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fiction



by Kedrick Nettleton



Let Me Take Him



Emma came home late and told me about the man on Twelve West. Cancer had eaten away his right eye, most of his nose, and the right side of his jawline. She was scared of him, though it wasn’t fair and made her feel guilty to say aloud. That night under the covers, she told me that he wouldn’t last long.


“Comfort care,” she whispered. “Could go any time.”


But she had him again the next time she came to work, and the time after that. Emma’s charge nurse told her they were saving him for her special. “You’re one of the only ones I can trust to handle him like he needs.”


Handling him like he needs was mostly a waiting game, like Emma had told me before. The man had been fighting for too long, and like most who arrived at Twelve West, he’d come to stop. So when the question came, it wasn’t unusual—people who stopped fighting often asked.


“Does it hurt?”


Emma hadn’t noticed he was awake. She was changing medication and checking those hanging bags of fluid.


“No,” she said. “We’ll make sure you don’t feel a thing.”


The man rarely looked people in the eye, I assume out of consideration for the effect he had, but this time he stared at her. “And then what?”


“What?”


“What happens after that?”


Days later, when the moment had scabbed over and she was able to tell me the story, Emma ran through the answers she might have given him. Was he asking a medical question, or a spiritual one? She listed to me the kinds of theological proofs people like her and I picked up from the pulpit on Sunday, the reasons this man might have for believing in a life to come. But like so many people caught dead in a moment, she didn’t have the words. She wandered across the room to fidget with some of the apparatus there, not looking at him. Then:


“I can get you the priest or the chaplain, if you like.”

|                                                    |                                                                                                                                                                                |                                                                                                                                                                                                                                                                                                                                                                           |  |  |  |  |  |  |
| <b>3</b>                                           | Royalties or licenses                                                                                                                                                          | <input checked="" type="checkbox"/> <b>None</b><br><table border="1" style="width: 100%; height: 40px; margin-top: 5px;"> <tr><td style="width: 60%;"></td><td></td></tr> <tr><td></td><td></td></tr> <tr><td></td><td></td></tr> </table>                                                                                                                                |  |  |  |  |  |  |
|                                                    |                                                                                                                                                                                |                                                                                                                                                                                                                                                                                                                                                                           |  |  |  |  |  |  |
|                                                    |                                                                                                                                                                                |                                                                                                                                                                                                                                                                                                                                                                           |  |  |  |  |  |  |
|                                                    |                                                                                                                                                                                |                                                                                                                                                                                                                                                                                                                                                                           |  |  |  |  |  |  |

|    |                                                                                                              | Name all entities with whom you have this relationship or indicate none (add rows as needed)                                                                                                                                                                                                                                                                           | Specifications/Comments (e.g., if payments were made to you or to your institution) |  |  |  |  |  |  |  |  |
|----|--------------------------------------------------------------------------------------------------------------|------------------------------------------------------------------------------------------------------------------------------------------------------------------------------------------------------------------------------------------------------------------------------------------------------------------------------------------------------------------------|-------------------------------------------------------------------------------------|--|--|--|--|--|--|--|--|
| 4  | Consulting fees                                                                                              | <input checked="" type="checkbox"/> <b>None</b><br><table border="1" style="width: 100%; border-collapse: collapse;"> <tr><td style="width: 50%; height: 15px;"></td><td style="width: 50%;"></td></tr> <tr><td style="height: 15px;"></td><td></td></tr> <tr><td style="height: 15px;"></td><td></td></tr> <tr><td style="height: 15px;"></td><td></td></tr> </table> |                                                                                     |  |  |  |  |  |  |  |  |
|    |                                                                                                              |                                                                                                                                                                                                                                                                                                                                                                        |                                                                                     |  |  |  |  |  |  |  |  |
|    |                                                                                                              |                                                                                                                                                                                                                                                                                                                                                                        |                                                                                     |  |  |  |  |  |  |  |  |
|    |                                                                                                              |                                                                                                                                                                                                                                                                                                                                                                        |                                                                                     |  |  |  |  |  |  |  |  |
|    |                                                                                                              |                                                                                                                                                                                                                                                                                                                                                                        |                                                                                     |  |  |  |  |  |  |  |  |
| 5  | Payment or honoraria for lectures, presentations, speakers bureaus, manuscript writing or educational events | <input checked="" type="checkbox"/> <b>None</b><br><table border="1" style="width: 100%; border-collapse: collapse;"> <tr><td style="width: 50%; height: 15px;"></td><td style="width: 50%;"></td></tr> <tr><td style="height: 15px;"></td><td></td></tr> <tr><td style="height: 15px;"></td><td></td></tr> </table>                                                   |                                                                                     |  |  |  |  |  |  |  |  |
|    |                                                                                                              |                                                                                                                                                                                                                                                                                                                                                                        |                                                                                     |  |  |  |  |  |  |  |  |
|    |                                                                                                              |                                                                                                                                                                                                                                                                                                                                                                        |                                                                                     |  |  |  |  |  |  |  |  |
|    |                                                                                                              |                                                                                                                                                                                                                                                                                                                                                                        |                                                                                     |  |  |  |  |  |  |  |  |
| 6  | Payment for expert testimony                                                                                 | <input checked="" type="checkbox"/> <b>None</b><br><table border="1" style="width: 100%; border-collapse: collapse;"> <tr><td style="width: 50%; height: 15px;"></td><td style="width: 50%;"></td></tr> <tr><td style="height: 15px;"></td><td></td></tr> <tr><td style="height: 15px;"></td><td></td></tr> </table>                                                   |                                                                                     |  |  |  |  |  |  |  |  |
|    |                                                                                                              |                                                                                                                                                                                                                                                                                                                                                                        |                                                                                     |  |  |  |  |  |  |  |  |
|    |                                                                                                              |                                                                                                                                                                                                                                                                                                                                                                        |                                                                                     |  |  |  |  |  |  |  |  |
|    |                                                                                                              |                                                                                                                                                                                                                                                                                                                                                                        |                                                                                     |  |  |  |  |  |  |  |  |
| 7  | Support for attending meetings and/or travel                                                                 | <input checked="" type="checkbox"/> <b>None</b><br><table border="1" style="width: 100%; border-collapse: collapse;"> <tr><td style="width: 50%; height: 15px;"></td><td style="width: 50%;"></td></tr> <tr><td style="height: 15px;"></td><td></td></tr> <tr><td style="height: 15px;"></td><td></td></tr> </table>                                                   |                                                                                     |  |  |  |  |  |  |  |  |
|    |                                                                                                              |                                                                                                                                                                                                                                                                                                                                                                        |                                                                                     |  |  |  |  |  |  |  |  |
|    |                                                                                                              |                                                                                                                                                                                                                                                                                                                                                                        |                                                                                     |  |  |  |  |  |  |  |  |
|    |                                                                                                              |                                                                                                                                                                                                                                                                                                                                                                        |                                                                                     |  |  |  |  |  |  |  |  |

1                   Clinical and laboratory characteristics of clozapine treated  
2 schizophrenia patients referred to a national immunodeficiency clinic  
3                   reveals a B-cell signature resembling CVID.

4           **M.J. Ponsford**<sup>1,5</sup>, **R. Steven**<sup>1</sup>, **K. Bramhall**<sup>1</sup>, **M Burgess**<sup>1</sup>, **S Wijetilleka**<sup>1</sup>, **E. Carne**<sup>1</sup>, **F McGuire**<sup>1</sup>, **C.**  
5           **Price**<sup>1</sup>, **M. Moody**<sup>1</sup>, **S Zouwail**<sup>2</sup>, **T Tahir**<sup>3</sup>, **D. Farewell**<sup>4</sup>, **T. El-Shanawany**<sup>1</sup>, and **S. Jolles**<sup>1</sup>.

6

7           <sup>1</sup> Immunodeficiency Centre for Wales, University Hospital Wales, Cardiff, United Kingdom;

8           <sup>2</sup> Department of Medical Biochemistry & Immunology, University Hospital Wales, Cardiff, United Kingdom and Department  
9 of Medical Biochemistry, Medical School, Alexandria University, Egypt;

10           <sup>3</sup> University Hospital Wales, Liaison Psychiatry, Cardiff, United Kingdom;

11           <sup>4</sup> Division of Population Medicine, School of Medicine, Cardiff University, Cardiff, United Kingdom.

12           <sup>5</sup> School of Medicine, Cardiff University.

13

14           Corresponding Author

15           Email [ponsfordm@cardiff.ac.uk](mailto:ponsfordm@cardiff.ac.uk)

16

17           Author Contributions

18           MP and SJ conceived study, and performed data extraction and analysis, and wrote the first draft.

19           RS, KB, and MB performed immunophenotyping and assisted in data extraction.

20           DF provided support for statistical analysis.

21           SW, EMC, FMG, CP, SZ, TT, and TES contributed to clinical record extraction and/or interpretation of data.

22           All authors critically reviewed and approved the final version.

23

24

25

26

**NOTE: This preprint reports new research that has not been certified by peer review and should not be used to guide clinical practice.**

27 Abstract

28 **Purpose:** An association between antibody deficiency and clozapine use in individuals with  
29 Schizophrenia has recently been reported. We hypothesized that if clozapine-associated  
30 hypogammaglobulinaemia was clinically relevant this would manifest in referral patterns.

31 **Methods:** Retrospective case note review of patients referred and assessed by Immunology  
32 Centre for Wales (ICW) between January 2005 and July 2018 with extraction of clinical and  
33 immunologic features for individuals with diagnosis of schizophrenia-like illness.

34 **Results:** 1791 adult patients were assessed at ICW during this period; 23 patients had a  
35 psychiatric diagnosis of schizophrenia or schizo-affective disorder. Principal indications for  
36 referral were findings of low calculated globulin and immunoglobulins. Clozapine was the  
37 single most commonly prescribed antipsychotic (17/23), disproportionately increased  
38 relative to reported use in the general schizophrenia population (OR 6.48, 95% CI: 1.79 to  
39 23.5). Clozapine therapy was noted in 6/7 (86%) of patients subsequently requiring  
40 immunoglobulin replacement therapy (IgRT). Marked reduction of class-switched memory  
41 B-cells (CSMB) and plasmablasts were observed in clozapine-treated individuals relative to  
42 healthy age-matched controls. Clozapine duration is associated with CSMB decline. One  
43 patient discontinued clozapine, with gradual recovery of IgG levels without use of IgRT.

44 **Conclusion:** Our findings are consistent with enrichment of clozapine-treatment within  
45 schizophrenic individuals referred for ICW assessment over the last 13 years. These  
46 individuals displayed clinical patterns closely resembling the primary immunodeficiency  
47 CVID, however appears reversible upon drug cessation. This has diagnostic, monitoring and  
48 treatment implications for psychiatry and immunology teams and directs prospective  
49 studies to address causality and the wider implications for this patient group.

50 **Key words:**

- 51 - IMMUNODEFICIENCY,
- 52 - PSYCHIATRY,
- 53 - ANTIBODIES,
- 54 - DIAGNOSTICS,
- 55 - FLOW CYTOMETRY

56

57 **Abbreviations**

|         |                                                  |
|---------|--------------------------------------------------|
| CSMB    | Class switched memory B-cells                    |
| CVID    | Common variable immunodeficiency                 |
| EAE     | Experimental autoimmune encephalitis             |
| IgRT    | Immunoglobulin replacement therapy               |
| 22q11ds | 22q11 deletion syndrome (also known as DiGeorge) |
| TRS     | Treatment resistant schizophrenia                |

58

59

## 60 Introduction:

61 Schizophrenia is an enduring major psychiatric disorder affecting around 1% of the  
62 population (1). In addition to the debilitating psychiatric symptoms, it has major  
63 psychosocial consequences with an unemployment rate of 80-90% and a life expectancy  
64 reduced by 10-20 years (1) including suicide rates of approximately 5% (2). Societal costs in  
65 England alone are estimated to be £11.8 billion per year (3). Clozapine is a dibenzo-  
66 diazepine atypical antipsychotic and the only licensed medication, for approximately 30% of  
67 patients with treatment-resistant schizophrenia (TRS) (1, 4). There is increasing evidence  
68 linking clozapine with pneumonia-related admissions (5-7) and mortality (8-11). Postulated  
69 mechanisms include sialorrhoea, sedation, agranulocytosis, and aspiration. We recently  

Neither of them spoke after that. Emma said the worst part was his disappointment, which she could feel coming off him like the rank smell his face produced. Later that day she returned with fresh sheets, but the man on Twelve West was breathing erratically. His lungs sounded squelchy—Emma says that when people die, they always sound like they’re drowning. He looked at her with panic in his one functioning eye. Almost, she told me, like it was an accusation. You promised it wouldn’t hurt.


Even then, Emma was almost too scared to take his hand. She stayed on his left side, so she couldn’t see the gap where his other eye should’ve been.


“Do you want me to get the chaplain? Do you need anything?”


“I’m fine.” You can imagine what his voice must have sounded like with his wet lungs. The way he must have paused to catch his breath. “I’m fine.”


“I’m so sorry,” she said. I imagine her voice as a whisper.


The way she tells the story, he nodded at her—a graceful gesture, the way a man can nod who knows pity and revulsion in equal measure. Like he was embarrassed for her. Emma said he died quietly, but his one eye stayed open when the final breath came, and he gripped her hand so fiercely it hurt.


I don’t know if she apologized a third time, but I like to imagine that she did. It’s better that way, somehow: my wife, still holding that man’s lifeless hand, apologizing to him.



It was a few days before she could tell me the story. I should’ve known something was bothering her, but because of the deadline waiting for me back at the office, I didn’t. Also because of Bobby. Our son was twelve months old and sick with something. Emma said teething and I said something worse, although I knew she was right, technically—Bobby’d already broken one tooth and I could see the nubs of a few more trying to push through the red of his gums. But I couldn’t square that with the rest of it: the fevers, the rashes, the way he barely slept anymore and wailed like he was being thrown in the fire.


“It’s painful for them,” Emma told me. “That’s normal.”


Then she brought up the funeral. The man from Twelve West had family, and they’d visited her at the hospital. “They asked if I’d come,” she said. “Since I saw him at the end.”


She told me the date, and I confess my first thought was about my deadline. But I agreed. It was on a Saturday afternoon, and I arranged with my parents to watch Bobby. They stood on the porch with him while we backed out of the driveway, and he raised his pudgy hand at us—not waving, just showing us his palm. I felt a hitch in my throat because you have to understand he was only twelve months. We hadn’t left him behind us much.


The funeral wasn’t in a church because the man’s parents weren’t religious, although the funeral home had still assigned a priest to stand by at the graveside. He spoke a few lines of scripture, and a man named Mark spoke, who I came to understand was Twelve West’s best friend. That’s the name I’d been using because that’s the way Emma had told me about him; she barely ever told me the names. Even when I saw his actual name on the order of service card, it didn’t feel like his.